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Wife Working Against Husband’s Wishes Is Not ‘Cruelty’: Allahabad HC

Ashok KM
20 Dec 2017 1:38 PM GMT
Wife Working Against Husband’s Wishes Is Not ‘Cruelty’: Allahabad HC
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The Allahabad High Court has observed that a wife working against the wishes of husband or his family is not a ‘cruelty’ to grant divorce to husband.

The family court had granted divorce to husband on the grounds of cruelty and desertion. One of the grounds urged by the husband for seeking divorce was that wife is in employment against his wishes.

A bench of Justice Shabihul Hasnain and Justice Sheo Kumar Singh referred to Lord Denning’s “Due Process of Law” and quoted this passage: “A woman feels as keenly thinks as clearly, as a man. She in her sphere does work as useful as man does in his. She has as much right to her freedom - develop her personality to the full – as a man. When she marries, she does not become the husband’s servant but his equal partner. If his work is more important in life of the community, her’s is more important in the life of the family. Neither can do without the other. Neither is above the other or under the other. They are equals.”

The court also referred to various constitutional provisions and judgments of the apex court and observed: “The ground as the wife joined the service, in our view, cannot be made the ground for treating it as cruelty or ground for divorce.”

The bench also observed that there is no desertion by the wife in the instant case. This appeal was disposed of by an elaborate judgment and the bench has also illustrations about ‘mental cruelty'.

  • On consideration of complete matrimonial life of the parties, acute mental pain, agony and suffering as would not make possible for the parties to live with each other could come within the broad parameters of mental cruelty.

  • On comprehensive appraisal of the entire matrimonial life of the parties, it becomes abundantly clear that situation is such that the wronged party cannot reasonably be asked to put up with such conduct and continue to live with other party.

  • Mere coldness or lack of affection cannot amount to cruelty, frequent rudeness of language, petulance of manner, indifference and neglect may reach such a degree that it makes the married life for the other spouse absolutely intolerable.

  • Mental cruelty is a state of mind. The feeling of deep anguish, disappointment, frustration in one spouse caused by the conduct of other for a long time may lead to mental cruelty.

  • A sustained course of abusive and humiliating treatment calculated to torture, discommode or render miserable life of the spouse.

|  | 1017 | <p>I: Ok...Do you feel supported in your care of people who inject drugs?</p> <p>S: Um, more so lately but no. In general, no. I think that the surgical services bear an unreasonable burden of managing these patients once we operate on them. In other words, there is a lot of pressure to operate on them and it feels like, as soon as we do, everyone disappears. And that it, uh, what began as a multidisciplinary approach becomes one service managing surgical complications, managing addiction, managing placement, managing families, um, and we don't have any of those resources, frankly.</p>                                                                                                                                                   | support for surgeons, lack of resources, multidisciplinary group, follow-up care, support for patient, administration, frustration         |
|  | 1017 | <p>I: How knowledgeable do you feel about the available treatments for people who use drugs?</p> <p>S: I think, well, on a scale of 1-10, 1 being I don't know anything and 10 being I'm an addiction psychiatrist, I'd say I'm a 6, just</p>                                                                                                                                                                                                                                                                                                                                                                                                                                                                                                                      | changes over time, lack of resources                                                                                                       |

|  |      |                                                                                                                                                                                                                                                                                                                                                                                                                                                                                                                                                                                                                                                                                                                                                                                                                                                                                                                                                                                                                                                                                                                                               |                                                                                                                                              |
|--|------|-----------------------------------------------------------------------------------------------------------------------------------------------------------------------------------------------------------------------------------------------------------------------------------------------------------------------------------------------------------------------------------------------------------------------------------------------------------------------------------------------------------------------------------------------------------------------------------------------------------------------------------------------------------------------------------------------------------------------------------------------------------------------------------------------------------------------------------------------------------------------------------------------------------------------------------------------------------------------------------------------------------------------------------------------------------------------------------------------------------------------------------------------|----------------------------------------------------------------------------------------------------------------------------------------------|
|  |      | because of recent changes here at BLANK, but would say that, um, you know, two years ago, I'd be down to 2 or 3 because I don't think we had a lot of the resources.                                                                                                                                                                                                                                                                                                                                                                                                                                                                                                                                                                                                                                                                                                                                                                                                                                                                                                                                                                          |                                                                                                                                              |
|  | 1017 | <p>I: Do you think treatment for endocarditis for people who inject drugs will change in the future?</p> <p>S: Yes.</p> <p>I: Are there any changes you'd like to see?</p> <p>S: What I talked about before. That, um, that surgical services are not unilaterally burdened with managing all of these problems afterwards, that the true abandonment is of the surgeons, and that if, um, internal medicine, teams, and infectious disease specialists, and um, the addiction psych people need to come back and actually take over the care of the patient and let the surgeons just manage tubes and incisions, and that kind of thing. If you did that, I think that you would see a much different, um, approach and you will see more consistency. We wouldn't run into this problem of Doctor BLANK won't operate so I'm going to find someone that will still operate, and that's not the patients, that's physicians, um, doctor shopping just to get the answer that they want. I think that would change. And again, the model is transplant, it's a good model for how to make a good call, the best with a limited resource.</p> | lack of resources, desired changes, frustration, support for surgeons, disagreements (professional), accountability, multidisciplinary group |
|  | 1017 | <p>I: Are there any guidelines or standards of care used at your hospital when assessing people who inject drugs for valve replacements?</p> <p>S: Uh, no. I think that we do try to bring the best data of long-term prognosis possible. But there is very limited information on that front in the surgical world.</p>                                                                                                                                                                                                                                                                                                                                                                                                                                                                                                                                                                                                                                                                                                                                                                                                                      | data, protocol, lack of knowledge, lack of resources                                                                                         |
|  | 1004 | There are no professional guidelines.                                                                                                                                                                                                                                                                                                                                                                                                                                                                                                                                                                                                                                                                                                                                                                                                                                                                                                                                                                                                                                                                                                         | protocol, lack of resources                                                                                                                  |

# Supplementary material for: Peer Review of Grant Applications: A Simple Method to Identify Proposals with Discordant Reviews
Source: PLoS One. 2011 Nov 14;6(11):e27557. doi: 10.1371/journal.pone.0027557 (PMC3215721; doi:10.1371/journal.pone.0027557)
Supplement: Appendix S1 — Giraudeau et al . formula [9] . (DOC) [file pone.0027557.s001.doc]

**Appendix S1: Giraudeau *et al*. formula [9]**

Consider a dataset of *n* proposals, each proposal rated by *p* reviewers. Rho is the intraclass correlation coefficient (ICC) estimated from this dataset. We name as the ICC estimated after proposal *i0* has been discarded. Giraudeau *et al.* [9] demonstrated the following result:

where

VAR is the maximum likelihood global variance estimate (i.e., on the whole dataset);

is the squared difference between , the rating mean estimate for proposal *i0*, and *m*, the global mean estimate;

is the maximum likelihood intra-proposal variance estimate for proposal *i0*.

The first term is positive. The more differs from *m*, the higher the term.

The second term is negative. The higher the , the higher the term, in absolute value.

• Sustained unjustifiable conduct and behaviour of one spouse actually affecting physical and mental health of the other spouse. The treatment complained of and the resultant danger or apprehension must be very grave, substantial and weighty.

  • Sustained reprehensible conduct, studied neglect, indifference or total departure from the normal standard of conjugal kindness causing injury to mental health or deriving sadistic pleasure can also amount to mental cruelty.

  • The conduct must be much more than jealousy, selfishness, possessiveness, which causes unhappiness and dissatisfaction and emotional upset, may not be a ground for grant of divorce on the ground of mental cruelty.

  • Mere trivial irritations, quarrels, normal wear and tear of the married life which happen in day-to-day life would not be adequate for grant of divorce on the ground of mental cruelty.

  • The married life should be reviewed as a whole and a few isolated instances over a period of years will not amount to cruelty. The ill-conduct must be persistent for a fairly lengthy period, where the relationship has deteriorated to an extent that because of the acts and behaviour of a spouse, the wronged party finds it extremely difficult to live with the other party any longer, may amount to mental cruelty.

  • If a husband submits himself for an operation of sterilization without medical reasons and without the consent or knowledge of his wife and, similarly, if the wife undergoes vasectomy or abortion without medical reason or without the consent or knowledge of her husband, such an act of the spouse may lead to mental cruelty.

  • Unilateral decision of refusal to have intercourse for considerable period without there being any physical incapacity or valid reason may amount to mental cruelty.

  • Unilateral decision of either husband or wife after marriage not to have child from the marriage may amount to cruelty.

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